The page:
Students participate in “die in” in solidarity with national protests


Protesters used the “die in” to highlight other issue like cultural appropriation and racism. (F. Cervantes)


Over thirty students participated in a student led “die-in” in support of national walkouts held on Friday, April 20th to protest gun violence after the February Parkland shooting which left 17 students dead.
Friday also commemorated the anniversary of the 1999 Columbine Massacre where 12 students and one teacher were murdered by two high school seniors. The massacre is often credited for starting the modern gun debate.
The protest was organized by seniors Raina Zhao, Anahita Amirshahi, Anna Zeng, Ashley Yang, Cathy Sun and junior Teagan So.
Instead of a walkout, the organizers decided to engage in a non-disruptive “die-in.”
Participants of the “die in” laid down as if they were dead for 17 minutes to honor the 17 students killed in the Parkland shooting.
“The reason we decided not to ‘walk out’ was because I think it’s important to explore the multidimensionality of activism…and the different ways we can convey our messages,” Amirshahi said.
The student organizers acted in conjunction with over 2,700 high schools across the country, many of whom walked out of their classes in accordance with the National High School Student Walkout proposed by Connecticut sophomore Lane Murdock through a petition after the Parkland shooting.
“Hopefully, this event today inspired some conversation to at least keep the topic [of gun violence and school shootings] on everyone’s minds, because it’s such an important issue,” Zhao said.
Senior Ryan Hane protested on Friday for his friends who were on the Las Vegas Stip when a gunman opened fire on a crowd at a music festival, killing 58 people in October last year.
“Seeing the impact that the shooting had on their lives really made me want to make sure something like that never happened again,” Hane said. “It was a reality check that this isn’t something that you just see online…it was the worst nights of their lives.”
Students who did not participate in the die-in, such as senior Neah Lekan, were also impacted by the protest.
“I don’t think any gun rights advocate in this country takes any happiness from these signs of these folks that have been killed,” Lekan said, in reference to the demonstrators’ posters. “So I think it’s a powerful protest, but I stand by the Second Amendment, and continue to believe that guns are a force for self-defense and self-actualization.”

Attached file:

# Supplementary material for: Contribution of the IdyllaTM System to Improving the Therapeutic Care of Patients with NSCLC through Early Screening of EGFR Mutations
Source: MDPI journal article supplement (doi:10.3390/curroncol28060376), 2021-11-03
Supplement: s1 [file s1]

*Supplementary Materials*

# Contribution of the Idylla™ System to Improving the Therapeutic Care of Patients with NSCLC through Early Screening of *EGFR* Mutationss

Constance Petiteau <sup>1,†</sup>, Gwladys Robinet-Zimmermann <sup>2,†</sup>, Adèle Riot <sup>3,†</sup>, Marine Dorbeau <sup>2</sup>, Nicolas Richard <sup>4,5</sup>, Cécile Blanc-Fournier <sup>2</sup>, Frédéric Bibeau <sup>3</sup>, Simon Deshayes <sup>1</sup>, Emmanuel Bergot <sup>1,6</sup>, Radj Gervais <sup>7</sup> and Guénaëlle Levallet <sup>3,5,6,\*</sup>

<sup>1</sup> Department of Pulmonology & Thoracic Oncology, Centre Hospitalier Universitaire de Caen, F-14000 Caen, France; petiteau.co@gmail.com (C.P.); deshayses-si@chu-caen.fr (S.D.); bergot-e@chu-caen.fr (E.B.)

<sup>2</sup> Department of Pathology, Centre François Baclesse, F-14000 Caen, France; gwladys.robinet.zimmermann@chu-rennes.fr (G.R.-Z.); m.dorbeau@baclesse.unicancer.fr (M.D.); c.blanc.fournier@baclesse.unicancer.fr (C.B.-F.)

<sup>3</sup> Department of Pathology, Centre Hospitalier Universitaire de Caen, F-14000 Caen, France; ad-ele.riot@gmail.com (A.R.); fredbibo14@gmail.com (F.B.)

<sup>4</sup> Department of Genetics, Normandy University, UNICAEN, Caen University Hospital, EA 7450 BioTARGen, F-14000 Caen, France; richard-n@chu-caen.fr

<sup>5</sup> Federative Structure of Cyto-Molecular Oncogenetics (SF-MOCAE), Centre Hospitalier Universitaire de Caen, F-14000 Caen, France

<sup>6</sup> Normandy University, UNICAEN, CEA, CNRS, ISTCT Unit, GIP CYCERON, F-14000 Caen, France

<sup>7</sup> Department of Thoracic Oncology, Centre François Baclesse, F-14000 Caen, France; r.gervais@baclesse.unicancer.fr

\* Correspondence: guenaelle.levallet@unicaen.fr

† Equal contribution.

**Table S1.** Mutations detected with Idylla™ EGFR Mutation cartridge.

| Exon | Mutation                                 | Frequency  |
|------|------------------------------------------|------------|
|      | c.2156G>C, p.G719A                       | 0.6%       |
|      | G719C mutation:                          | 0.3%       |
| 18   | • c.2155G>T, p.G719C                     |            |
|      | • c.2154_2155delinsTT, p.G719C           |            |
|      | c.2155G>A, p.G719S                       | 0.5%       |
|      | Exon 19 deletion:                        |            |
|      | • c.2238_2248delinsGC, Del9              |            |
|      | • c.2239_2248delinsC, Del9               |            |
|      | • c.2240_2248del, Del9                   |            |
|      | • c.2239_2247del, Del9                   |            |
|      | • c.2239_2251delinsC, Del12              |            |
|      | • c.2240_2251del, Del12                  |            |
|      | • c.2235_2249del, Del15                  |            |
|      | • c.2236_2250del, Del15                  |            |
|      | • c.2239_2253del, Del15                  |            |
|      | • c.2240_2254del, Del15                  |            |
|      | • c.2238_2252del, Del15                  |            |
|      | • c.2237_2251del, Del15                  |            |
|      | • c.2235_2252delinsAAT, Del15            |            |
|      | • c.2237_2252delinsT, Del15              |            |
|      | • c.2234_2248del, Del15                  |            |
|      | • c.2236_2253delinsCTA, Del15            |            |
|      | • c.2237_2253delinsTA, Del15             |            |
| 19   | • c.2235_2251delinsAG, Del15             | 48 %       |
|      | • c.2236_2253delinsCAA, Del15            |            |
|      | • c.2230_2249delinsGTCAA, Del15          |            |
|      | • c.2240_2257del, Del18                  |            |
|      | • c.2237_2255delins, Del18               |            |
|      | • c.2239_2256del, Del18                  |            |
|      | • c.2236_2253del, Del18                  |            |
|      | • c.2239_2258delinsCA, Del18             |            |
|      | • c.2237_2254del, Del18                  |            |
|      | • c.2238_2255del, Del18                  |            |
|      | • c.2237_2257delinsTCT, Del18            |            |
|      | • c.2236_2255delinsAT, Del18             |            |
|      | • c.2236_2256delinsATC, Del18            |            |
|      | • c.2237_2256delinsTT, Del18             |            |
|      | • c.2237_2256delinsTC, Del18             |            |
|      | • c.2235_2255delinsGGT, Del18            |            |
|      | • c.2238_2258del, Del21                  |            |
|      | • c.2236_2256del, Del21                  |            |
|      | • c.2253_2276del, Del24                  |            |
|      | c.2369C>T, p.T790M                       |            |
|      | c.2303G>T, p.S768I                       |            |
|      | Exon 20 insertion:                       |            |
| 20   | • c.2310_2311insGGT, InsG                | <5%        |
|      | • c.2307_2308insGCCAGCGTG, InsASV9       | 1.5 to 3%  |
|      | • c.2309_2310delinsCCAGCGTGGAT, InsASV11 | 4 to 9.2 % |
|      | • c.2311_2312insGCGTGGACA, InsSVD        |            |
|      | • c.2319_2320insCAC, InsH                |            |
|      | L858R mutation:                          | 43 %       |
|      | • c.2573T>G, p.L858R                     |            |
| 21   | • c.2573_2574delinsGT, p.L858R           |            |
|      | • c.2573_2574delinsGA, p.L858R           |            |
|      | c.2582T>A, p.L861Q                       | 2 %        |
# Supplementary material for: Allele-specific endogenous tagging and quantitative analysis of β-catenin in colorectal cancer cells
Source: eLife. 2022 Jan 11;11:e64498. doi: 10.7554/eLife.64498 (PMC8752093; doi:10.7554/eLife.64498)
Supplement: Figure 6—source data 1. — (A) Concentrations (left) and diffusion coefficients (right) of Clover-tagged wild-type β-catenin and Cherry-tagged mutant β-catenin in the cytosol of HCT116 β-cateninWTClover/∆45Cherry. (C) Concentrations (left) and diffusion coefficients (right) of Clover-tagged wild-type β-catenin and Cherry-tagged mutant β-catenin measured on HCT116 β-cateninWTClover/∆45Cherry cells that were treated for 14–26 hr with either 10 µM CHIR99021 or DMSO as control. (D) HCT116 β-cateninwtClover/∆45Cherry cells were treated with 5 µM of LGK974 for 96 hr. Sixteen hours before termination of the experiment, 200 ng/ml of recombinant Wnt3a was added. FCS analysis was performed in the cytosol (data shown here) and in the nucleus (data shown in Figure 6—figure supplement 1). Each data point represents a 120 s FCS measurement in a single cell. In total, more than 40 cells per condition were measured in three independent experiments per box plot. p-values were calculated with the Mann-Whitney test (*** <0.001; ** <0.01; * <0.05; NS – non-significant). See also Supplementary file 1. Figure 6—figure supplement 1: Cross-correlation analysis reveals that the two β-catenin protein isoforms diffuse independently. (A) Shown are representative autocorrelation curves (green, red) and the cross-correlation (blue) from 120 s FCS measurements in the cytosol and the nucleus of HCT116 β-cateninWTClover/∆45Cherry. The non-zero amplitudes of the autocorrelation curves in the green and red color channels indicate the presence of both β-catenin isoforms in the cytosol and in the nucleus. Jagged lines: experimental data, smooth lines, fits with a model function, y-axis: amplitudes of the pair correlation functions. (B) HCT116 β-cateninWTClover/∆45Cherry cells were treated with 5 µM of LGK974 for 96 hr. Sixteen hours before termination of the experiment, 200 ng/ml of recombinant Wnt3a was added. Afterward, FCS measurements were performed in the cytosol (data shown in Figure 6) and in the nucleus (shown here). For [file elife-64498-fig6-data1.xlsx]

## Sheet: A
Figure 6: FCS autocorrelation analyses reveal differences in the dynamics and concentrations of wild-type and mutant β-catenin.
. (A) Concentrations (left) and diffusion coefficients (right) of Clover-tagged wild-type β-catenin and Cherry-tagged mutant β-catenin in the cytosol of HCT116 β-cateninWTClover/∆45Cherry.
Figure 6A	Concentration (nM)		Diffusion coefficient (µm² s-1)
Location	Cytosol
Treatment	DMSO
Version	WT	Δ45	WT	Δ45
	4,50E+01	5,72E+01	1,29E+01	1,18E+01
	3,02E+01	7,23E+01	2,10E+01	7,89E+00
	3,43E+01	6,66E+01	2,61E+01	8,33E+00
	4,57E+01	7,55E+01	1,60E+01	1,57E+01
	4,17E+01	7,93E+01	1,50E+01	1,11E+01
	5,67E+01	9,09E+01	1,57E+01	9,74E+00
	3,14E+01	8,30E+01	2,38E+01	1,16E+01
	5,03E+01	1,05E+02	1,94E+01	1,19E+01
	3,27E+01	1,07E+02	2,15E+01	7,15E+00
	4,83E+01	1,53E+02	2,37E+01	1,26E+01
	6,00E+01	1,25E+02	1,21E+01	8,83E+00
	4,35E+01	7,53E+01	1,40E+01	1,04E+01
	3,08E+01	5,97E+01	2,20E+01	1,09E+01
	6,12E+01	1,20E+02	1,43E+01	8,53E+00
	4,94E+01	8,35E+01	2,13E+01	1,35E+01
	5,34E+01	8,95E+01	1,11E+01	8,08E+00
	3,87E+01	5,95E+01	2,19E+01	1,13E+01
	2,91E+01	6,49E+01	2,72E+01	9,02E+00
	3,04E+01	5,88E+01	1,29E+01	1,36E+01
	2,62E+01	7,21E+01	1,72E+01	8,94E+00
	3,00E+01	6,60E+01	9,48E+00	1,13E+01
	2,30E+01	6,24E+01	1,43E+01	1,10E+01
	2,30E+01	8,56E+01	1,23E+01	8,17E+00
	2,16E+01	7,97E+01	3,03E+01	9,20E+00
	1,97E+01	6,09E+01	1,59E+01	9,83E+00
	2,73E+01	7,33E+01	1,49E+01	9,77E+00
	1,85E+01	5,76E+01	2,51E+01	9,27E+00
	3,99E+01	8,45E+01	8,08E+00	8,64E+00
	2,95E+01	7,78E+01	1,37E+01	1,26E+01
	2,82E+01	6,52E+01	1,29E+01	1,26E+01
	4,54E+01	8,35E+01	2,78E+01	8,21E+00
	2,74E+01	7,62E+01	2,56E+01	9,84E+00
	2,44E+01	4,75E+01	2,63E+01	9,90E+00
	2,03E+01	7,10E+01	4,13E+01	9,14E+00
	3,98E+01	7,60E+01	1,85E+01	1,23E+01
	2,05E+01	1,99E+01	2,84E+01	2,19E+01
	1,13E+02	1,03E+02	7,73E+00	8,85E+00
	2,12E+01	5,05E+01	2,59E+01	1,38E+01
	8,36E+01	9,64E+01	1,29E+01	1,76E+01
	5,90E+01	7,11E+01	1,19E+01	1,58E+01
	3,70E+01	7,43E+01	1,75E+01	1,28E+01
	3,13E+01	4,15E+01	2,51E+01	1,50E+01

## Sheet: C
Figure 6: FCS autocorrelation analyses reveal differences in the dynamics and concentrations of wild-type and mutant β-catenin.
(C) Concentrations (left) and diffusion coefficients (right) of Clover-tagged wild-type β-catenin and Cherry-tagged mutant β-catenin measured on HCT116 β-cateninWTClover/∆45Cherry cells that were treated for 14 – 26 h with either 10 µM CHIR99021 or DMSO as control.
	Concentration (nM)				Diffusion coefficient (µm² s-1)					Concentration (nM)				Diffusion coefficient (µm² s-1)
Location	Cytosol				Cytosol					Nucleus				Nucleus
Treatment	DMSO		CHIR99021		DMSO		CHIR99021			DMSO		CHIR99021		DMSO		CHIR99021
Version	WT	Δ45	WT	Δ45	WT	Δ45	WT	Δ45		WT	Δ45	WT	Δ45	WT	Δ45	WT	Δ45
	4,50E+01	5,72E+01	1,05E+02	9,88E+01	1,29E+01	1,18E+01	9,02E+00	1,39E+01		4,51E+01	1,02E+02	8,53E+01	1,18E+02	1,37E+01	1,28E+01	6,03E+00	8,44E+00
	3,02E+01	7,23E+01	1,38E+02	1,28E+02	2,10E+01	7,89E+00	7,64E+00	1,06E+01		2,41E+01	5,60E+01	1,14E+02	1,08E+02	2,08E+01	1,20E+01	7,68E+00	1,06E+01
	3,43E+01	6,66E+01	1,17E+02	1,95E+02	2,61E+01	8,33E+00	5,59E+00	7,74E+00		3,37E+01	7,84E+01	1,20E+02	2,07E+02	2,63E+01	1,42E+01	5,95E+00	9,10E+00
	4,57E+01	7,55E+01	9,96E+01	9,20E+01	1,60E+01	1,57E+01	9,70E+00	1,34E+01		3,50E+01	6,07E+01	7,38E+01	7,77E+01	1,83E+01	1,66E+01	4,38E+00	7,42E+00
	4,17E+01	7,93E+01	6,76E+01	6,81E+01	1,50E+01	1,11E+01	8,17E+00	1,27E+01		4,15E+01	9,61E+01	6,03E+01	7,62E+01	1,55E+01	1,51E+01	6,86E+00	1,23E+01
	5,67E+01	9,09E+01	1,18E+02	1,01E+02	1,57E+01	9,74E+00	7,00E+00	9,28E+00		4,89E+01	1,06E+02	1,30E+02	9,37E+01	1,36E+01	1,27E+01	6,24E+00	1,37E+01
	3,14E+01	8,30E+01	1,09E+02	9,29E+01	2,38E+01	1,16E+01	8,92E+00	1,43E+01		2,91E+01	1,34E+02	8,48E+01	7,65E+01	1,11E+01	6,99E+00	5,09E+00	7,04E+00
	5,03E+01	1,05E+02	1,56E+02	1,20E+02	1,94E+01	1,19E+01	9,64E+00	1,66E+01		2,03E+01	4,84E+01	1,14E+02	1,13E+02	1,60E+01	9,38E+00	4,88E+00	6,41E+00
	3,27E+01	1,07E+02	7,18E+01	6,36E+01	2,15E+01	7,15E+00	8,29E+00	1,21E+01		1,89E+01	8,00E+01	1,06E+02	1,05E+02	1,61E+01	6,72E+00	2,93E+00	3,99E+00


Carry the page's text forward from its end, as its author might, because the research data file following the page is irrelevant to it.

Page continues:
Since the “die-in” was held during a break period, staff members, such as economics teacher Ms. Nora Seager, partially retain their right to engage civically and express their views, limitations not allowing teachers to protest during instructional time.
“To me it’s not just gun violence,” Seager said. “It’s the idea that people from outside the educational community would rather I get trained to have a weapon, when I think that money is better spent in reducing class sizes, or [hiring] more counselors.”
If these views are considered controversial, the school district retains the right to legally reprimand teachers.
In addition, the organizers put up posters with names of mass shooting victims across campus, and distributed official “price tags” from the March for Our Lives student protests held in March.
“[The price tags] represent how much each student is worth based on the donations to the politicians in our state made by the National Rifle Association (NRA),” Zeng said. “And in California, each of us would be worth a penny.”
Unlike the “walkout” in March which required several meetings with administration, the “die-in” warranted very minimal coordination because it occurred during lunch when students are permitted to engage in civic protects without consequences, according to district, state and federal law.
“I think our student leaders have a fairly good understanding of what things they need permission to do, and when they don’t,” Principal Kevin Astor said.
However, the organizers did send an email to Astor on Friday morning to explain what they were going to do that day. Without the required approval stamp from the Associative Student Body (ASB), they were worried their posters would be taken down by the administration.
Because the administration has the responsibility to meet the needs of all students, regardless of their personal beliefs or the beliefs of the community, Astor “willingly” stamped the organizers’ posters before the protest to accommodate the students rights to engage civically in a non-disruptive scenario.
“I really appreciate [Astor’s accommodation], because I thought we were going to get in trouble, but instead he supported us in the way that he could,” So said.
Astor expressed his gratitude to the student organizers for being able to express their beliefs while adhering to school policy.
“I’m just continually impressed with our students’ passionate and thoughtful approach to exercising their voice and what they disagree with, but doing it in a way that doesn’t degrade other people or minimize other opinions,” Astor said.